Case law


The Czech Competition Authority (CCA) published an information paper on dawn raids(1) during its annual competition law conference on November 15 2017. Its aims are twofold – namely, to provide:

  • guidance explaining the powers and privileges of CCA officials in the course of a dawn raid; and
  • a brief overview of the case law relating to dawn raids, focusing on judicial review of the legality of dawn raids carried out after the European Court of Human Rights' judgment in Delta Pekárny.(2)


In the first part of the paper, the CCA summarises its general best practices applied in the course of its investigations on business premises, centring on the rights of CCA officials and the obligations of investigated companies. In particular, the CCA focuses on companies' obligation to cooperate during a dawn raid (and on what this obligation entails), and summarises the necessary formalities of a written investigation authorisation decision issued by the CCA chair, including procedural aspects of the delivery thereof. The CCA also describes the rights of its officials during dawn raids (eg, the right to enter premises and gain access to documents and various devices, including the right to verify the nature of the documents and devices).

The second part of the paper focuses on the status quo of case law concerning the legality of dawn raids carried out by the CCA. This is particularly due to the fact that three years have passed since the ground-breaking Delta Pekárny judgment, which deemed ineffective the formerly available ex post judicial review available to investigated companies in order to challenge the legality of dawn raids, since it was not sufficiently immediate.(3) Investigated companies had two procedural options to challenge the legality of a dawn raid:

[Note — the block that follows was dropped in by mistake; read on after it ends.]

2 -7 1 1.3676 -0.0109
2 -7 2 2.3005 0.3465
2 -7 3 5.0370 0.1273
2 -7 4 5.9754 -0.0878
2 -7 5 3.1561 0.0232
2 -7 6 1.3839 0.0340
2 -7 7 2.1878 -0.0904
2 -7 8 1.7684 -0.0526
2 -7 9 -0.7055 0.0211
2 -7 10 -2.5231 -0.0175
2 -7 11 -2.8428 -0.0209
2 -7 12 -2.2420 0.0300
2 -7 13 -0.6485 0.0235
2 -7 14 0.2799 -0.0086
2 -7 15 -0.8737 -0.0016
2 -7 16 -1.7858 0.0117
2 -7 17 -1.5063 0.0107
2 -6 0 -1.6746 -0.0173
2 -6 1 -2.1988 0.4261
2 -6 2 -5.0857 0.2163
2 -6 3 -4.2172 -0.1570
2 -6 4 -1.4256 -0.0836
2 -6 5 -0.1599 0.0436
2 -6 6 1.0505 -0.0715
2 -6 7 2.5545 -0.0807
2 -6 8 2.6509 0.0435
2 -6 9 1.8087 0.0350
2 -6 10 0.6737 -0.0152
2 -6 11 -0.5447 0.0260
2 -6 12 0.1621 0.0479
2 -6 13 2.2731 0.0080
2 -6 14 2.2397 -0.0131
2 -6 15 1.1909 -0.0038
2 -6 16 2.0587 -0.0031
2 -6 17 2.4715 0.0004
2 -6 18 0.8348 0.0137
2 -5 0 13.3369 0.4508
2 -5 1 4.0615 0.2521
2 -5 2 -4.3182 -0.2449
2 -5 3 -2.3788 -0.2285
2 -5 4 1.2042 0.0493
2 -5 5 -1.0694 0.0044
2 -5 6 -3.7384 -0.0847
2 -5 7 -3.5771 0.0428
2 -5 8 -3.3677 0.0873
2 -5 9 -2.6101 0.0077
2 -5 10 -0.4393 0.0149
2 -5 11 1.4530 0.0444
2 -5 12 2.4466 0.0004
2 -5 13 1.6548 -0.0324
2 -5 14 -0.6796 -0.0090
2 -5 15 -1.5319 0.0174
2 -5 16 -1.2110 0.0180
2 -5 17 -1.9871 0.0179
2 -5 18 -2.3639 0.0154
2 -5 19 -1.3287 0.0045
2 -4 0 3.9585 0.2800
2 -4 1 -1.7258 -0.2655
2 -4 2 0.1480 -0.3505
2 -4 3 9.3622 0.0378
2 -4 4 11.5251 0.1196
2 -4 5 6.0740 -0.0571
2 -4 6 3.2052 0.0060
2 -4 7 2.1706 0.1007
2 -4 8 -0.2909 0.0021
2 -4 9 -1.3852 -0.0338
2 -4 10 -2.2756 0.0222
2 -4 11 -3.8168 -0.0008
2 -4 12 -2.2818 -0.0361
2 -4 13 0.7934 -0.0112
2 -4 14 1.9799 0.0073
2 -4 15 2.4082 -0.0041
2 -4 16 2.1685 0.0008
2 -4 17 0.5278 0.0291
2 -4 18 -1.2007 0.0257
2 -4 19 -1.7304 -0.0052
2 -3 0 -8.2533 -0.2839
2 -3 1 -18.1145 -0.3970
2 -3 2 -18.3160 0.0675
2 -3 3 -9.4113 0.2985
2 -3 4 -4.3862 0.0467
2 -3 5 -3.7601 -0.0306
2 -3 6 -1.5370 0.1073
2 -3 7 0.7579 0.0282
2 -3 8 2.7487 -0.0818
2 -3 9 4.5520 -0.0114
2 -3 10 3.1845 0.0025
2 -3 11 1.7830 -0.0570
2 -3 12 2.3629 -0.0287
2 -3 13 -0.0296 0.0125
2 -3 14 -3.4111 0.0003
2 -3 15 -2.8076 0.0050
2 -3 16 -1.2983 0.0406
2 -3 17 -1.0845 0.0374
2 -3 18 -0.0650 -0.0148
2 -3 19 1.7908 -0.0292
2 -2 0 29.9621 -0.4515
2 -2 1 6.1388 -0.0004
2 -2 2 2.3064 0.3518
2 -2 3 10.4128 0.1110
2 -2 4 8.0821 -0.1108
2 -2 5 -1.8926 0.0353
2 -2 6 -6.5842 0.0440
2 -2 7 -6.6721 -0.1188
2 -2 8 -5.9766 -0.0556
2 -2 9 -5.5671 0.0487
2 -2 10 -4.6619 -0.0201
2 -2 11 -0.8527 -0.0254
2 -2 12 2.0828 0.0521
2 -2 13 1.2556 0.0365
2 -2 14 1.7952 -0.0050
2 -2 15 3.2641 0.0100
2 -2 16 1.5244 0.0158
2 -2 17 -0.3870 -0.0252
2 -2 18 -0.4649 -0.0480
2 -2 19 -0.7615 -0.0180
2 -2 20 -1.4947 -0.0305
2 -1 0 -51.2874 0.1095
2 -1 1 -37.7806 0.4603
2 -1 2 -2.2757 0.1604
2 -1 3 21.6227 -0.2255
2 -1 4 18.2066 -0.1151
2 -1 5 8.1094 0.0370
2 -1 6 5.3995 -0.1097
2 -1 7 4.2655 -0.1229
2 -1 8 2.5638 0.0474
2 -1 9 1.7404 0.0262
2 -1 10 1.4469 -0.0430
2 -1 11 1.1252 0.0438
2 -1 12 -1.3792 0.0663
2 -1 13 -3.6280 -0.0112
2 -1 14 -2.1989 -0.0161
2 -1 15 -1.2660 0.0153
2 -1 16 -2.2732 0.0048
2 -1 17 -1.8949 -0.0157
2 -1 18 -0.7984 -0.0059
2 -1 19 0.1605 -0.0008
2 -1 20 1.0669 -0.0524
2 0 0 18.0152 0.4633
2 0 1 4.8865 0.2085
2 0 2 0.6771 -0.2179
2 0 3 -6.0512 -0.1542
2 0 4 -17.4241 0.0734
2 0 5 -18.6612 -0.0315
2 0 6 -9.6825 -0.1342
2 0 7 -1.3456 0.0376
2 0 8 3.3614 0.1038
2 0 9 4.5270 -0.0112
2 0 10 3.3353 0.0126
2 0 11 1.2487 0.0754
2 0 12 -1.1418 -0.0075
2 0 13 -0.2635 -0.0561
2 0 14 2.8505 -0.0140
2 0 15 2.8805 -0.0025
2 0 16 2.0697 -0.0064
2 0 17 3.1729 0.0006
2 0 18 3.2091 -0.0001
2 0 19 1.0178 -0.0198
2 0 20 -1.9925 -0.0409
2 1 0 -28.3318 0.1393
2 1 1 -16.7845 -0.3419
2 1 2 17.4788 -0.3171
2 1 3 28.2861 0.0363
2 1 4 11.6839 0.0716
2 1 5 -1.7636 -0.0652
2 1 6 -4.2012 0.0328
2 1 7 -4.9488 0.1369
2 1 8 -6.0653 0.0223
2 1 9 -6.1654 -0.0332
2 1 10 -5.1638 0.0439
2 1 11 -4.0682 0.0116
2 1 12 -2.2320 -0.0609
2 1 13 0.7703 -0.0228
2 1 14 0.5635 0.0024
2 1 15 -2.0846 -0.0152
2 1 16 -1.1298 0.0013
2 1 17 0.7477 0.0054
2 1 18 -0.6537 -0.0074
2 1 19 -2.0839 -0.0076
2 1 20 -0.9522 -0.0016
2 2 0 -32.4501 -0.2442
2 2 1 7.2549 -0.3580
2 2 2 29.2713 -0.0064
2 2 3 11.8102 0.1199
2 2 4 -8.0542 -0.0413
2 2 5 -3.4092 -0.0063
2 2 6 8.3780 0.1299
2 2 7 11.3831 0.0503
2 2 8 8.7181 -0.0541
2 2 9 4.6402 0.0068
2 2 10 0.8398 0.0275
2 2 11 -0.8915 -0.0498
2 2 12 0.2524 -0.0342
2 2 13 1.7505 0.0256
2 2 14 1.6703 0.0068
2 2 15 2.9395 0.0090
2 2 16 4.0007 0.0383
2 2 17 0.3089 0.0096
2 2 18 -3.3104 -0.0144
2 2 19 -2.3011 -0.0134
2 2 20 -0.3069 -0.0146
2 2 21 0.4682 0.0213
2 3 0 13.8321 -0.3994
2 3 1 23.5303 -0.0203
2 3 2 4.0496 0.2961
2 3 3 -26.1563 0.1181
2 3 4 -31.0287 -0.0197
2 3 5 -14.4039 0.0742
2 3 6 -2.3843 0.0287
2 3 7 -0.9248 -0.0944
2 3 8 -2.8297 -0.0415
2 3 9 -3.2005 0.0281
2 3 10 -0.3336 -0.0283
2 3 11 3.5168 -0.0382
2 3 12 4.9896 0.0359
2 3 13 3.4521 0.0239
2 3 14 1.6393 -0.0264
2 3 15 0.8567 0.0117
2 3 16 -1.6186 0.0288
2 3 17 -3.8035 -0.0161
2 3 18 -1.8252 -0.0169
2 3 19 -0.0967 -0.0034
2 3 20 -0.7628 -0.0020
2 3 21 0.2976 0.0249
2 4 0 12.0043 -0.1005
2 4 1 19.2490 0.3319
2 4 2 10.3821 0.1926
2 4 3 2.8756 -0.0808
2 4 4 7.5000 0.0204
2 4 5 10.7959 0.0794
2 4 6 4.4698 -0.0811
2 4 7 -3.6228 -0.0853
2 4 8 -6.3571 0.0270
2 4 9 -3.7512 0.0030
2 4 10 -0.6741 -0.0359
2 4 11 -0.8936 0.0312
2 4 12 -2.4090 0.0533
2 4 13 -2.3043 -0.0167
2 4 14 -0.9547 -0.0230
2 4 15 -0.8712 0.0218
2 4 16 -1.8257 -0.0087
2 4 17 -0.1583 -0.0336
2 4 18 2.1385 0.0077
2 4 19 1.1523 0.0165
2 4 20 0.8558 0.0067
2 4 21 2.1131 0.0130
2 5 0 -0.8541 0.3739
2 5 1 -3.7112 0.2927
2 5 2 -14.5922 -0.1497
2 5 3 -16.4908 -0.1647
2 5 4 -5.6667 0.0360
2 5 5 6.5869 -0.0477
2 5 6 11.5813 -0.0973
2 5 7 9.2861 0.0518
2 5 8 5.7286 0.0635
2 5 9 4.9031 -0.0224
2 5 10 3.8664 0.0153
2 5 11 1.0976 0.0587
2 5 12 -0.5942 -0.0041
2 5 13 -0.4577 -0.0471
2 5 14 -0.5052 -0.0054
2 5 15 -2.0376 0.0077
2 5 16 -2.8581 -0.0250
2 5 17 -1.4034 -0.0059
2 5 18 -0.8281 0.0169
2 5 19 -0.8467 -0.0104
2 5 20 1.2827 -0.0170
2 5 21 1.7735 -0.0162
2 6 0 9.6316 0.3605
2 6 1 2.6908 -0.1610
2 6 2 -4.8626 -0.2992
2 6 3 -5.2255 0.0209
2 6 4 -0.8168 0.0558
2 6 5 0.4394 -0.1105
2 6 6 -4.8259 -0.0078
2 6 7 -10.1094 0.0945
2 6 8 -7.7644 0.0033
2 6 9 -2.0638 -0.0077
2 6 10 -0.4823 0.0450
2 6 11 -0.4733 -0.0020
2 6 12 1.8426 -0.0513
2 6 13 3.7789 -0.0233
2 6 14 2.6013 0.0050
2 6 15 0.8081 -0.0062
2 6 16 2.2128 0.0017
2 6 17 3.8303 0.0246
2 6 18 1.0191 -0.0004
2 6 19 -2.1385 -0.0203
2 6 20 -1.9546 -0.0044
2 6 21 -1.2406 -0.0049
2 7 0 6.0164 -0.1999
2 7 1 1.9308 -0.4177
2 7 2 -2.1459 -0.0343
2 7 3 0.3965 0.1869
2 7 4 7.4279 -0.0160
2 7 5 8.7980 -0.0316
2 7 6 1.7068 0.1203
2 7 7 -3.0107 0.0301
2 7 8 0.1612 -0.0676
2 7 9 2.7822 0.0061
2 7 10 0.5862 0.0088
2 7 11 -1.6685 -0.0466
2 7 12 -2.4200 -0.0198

• one requiring the CCA to terminate the administrative proceedings without finding an infringement; and
  • the other requiring the company to await the final decision on the infringement.

When the judgment was issued, it put all planned CCA dawn raids on hold.(4)

In order to guarantee sufficient immediate protection of fundamental rights in compliance with EU requirements, changes were introduced in 2016 to the effect that it was explicitly stated in applicable legislation that any investigated company can file a separate administrative action to challenge the legality of a dawn raid, irrespective of the status of the infringement proceeding (so-called 'separate administrative actions'). Such a separate administrative action must be filed within two months of the dawn raid.

In the paper, the CCA summaries that over the past three years, investigated companies have continued to challenge the alleged illegality of dawn raids ex post, and have also made use of the newly introduced separate administrative action.

Case law